• A House Small Business subcommittee holds a hearing on filling the entrepreneurship gap at 10 a.m.
  • A House Financial Services subcommittee holds a hearing on building resilience within the financial system to climate-related risks at 2 p.m.

Virtual Event Announcement–Telos: ESG and Corporate Responsibility in America

Wednesday, June 30 starting at 1:00 PM ET

How is ESG transforming business as usual? Join The Hill on Wednesday, June 30 for a national summit on ESG with CEOs, regulators, investment experts, activists, and others leading the way towards purpose-driven business models.Sessions will cover how we define ESG, the metrics we use to define success, and how can electric trucks help manufacturers achieve these goals, featuring Sen. Sherrod Brown (D-OH), Rep. French Hill, Rep. Yvette Clarke, UN Global Compact CEO Sanda Ojiambo, PwC Chairman Tim Ryan and more.  RSVP today. 


  • A pair of progressive think tanks on Tuesday launched a new initiative to push policymakers to permanently extend  the child tax credit expansion that President Biden enacted earlier this year.
  • Meet the chairmen legislating Biden’s economic agenda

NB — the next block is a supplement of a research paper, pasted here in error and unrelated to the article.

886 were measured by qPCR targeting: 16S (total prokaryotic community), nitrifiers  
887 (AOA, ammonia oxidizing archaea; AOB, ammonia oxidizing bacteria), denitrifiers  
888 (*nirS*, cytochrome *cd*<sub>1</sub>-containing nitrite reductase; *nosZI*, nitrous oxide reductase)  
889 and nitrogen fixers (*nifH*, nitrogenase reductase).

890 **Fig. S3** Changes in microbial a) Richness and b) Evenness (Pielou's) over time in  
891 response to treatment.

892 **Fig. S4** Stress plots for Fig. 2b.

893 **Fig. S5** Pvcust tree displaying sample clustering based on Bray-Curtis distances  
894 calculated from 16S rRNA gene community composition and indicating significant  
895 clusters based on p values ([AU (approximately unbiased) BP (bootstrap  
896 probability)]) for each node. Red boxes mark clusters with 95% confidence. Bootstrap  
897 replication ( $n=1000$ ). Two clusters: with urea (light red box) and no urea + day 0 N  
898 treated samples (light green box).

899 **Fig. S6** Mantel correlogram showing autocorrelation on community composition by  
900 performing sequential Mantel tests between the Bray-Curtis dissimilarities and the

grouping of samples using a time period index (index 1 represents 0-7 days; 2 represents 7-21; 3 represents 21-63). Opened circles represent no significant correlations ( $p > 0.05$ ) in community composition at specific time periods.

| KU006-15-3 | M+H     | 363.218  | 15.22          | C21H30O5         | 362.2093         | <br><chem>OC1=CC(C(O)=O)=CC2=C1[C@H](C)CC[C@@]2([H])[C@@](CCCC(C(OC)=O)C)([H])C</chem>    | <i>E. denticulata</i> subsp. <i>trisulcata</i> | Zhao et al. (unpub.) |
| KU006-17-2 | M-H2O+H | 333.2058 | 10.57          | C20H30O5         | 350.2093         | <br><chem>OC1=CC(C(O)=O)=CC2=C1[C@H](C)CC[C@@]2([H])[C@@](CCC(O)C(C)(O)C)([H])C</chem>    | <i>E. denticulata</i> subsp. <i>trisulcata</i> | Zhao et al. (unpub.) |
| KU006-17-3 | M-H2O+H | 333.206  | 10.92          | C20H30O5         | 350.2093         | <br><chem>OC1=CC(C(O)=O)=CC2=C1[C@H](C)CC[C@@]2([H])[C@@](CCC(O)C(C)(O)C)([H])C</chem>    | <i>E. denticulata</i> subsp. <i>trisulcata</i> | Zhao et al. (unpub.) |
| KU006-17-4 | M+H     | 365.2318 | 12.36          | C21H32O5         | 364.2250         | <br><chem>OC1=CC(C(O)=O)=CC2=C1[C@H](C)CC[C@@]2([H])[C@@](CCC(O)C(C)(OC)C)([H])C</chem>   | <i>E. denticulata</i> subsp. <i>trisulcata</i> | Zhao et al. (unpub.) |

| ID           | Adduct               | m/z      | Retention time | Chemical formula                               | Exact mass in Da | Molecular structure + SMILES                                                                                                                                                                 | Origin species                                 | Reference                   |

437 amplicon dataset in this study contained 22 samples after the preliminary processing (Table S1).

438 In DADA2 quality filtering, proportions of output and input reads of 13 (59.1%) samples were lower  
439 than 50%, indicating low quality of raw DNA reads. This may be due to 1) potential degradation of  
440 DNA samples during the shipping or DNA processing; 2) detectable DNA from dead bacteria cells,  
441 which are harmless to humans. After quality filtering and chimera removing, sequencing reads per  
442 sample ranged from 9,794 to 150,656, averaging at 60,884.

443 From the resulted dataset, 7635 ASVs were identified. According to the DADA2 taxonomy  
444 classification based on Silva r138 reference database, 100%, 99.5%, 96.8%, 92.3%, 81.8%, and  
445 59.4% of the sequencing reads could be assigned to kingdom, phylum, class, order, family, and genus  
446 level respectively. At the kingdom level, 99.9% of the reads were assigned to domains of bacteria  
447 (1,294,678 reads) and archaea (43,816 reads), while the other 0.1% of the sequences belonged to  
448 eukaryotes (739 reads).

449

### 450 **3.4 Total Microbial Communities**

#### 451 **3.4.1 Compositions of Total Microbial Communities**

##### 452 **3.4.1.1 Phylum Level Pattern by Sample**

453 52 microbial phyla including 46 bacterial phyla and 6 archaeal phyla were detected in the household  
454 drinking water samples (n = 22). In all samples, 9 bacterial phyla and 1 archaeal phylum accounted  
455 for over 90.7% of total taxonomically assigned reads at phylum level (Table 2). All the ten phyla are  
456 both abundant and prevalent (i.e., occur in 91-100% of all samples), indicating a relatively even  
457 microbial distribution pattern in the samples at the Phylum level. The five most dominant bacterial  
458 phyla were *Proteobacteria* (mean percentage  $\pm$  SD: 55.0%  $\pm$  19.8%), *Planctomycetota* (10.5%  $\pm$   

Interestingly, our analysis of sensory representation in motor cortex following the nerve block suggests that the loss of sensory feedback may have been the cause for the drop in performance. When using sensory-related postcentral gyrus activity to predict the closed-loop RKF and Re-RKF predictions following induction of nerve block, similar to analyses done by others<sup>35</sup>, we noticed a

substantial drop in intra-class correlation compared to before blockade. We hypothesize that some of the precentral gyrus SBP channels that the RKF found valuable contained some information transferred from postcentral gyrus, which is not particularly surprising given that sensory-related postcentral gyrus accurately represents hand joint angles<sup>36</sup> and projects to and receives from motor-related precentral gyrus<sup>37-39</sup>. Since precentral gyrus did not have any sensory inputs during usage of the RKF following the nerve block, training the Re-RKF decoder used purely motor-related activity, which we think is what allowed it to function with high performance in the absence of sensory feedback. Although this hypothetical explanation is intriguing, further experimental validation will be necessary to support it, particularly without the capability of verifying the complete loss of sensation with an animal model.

• New Jersey Attorney General Gurbir Grewal (D) will become the next director of the Securities and Exchange Commission’s (SEC) enforcement division, the agency announced Tuesday.
  • Sale prices for U.S. houses rose nearly 15 percent in the year leading into April, according to new results from a closely watched gauge of housing prices released Tuesday.
  • The inspector general for the Federal Housing Finance Agency (FHFA) announced her resignation on Tuesday amid calls for her ouster more than two months after a government report said she created a toxic work environment and at times retaliated against colleagues.
Tags Charles Schumer French Hill Jennifer Granholm Joe Biden John Yarmuth Louisa Terrell Mitch McConnell Nancy Pelosi Pete Buttigieg Sherrod Brown Steve Ricchetti Tim Ryan Yvette Clarke